The general rule is that improper argument of counsel is not a ground for a new trial or subject to review on appeal unless there is due objection by counsel or a motion to exclude, an adverse ruling thereon by the court, or a refusal of the trial court to make a ruling. Espey v. State, 270 Ala. 669, 120 So.2d 904 (1960); Jackson v. State, 260 Ala. 641, 71 So.2d 825 (1954); Washington v. State, 259 Ala. 104, 65 So.2d 704 (1953), and cases cited therein.
There are three situations wherein improper arguments of counsel may be the basis for reversal:
". . . The first of which is an argument which is so grossly improper and highly prejudicial as to be ineradicable by proper ruling of the judge. . . . Second, is argument which in its cumulative effect creates an atmosphere of bias and prejudice which no remarks by the trial court could eradicate. . . . It differs from the first type of improper argument in that no single remark would be sufficient justification for reversal. Instead, the cumulative nature of the remarks creates an atmosphere of prejudice which requires reversal. Finally and obviously, is prejudicial argument which the judge fails to rule on properly." (Citations omitted.) Scott v. State, 47 Ala. App. 509, 512, 257 So.2d 369 (1972).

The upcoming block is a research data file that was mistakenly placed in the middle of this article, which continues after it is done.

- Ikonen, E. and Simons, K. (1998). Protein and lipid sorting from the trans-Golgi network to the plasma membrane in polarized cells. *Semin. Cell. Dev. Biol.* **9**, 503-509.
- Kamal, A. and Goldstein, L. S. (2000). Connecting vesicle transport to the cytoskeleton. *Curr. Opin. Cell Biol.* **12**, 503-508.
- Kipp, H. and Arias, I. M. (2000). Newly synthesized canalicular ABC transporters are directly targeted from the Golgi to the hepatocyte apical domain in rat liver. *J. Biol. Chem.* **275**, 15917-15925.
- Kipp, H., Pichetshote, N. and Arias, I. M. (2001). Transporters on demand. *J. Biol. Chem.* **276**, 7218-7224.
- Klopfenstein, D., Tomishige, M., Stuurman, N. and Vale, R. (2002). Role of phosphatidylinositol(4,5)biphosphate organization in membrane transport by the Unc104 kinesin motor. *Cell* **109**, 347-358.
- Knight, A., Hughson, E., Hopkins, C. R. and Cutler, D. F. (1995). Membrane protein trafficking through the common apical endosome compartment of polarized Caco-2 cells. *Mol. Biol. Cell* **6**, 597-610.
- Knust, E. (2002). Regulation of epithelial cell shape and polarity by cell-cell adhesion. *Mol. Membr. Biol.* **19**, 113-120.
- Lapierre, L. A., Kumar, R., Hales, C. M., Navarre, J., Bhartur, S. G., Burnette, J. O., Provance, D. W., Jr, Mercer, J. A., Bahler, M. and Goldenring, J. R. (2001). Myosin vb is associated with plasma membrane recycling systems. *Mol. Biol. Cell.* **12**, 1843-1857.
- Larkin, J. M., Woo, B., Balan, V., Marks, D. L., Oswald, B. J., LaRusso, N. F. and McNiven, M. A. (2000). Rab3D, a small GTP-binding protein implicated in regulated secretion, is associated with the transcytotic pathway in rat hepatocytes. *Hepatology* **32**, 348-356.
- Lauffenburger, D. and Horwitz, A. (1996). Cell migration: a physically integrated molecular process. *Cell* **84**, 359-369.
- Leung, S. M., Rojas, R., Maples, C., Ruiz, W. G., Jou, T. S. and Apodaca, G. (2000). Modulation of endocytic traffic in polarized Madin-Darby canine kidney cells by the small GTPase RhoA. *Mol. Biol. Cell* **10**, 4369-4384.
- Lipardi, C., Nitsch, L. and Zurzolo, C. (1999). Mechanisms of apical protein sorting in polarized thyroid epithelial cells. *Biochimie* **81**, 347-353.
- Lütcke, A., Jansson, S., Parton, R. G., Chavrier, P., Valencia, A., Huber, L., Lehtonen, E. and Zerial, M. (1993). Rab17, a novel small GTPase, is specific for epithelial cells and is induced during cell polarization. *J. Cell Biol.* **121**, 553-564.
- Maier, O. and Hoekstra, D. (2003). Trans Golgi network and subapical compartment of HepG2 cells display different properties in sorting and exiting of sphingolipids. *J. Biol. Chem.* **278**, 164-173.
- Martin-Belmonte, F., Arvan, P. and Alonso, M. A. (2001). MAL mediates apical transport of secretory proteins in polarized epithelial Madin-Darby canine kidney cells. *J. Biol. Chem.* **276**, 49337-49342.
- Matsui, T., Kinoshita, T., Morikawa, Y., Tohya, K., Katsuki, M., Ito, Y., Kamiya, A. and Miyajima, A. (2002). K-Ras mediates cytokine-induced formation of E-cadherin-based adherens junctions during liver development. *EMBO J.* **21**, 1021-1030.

We do not think the remark here falls within any of the above three situations.
Further, the record does not include any of the appellant's argument and only a portion of the district attorney's which the appellant summarized. In Flowers v. State, 269 Ala. 395, 113 So.2d 344, the Alabama Supreme Court stated:
". . . that where the argument of one's counsel passes beyond the bounds of legal propriety, it is the duty of opposing counsel to object specifically, and point out substantially the language deemed objectionable; and the record should disclose with reasonable certainty what was said in the court below, in order that the appellate court may review it. . . ." (Emphasis added.)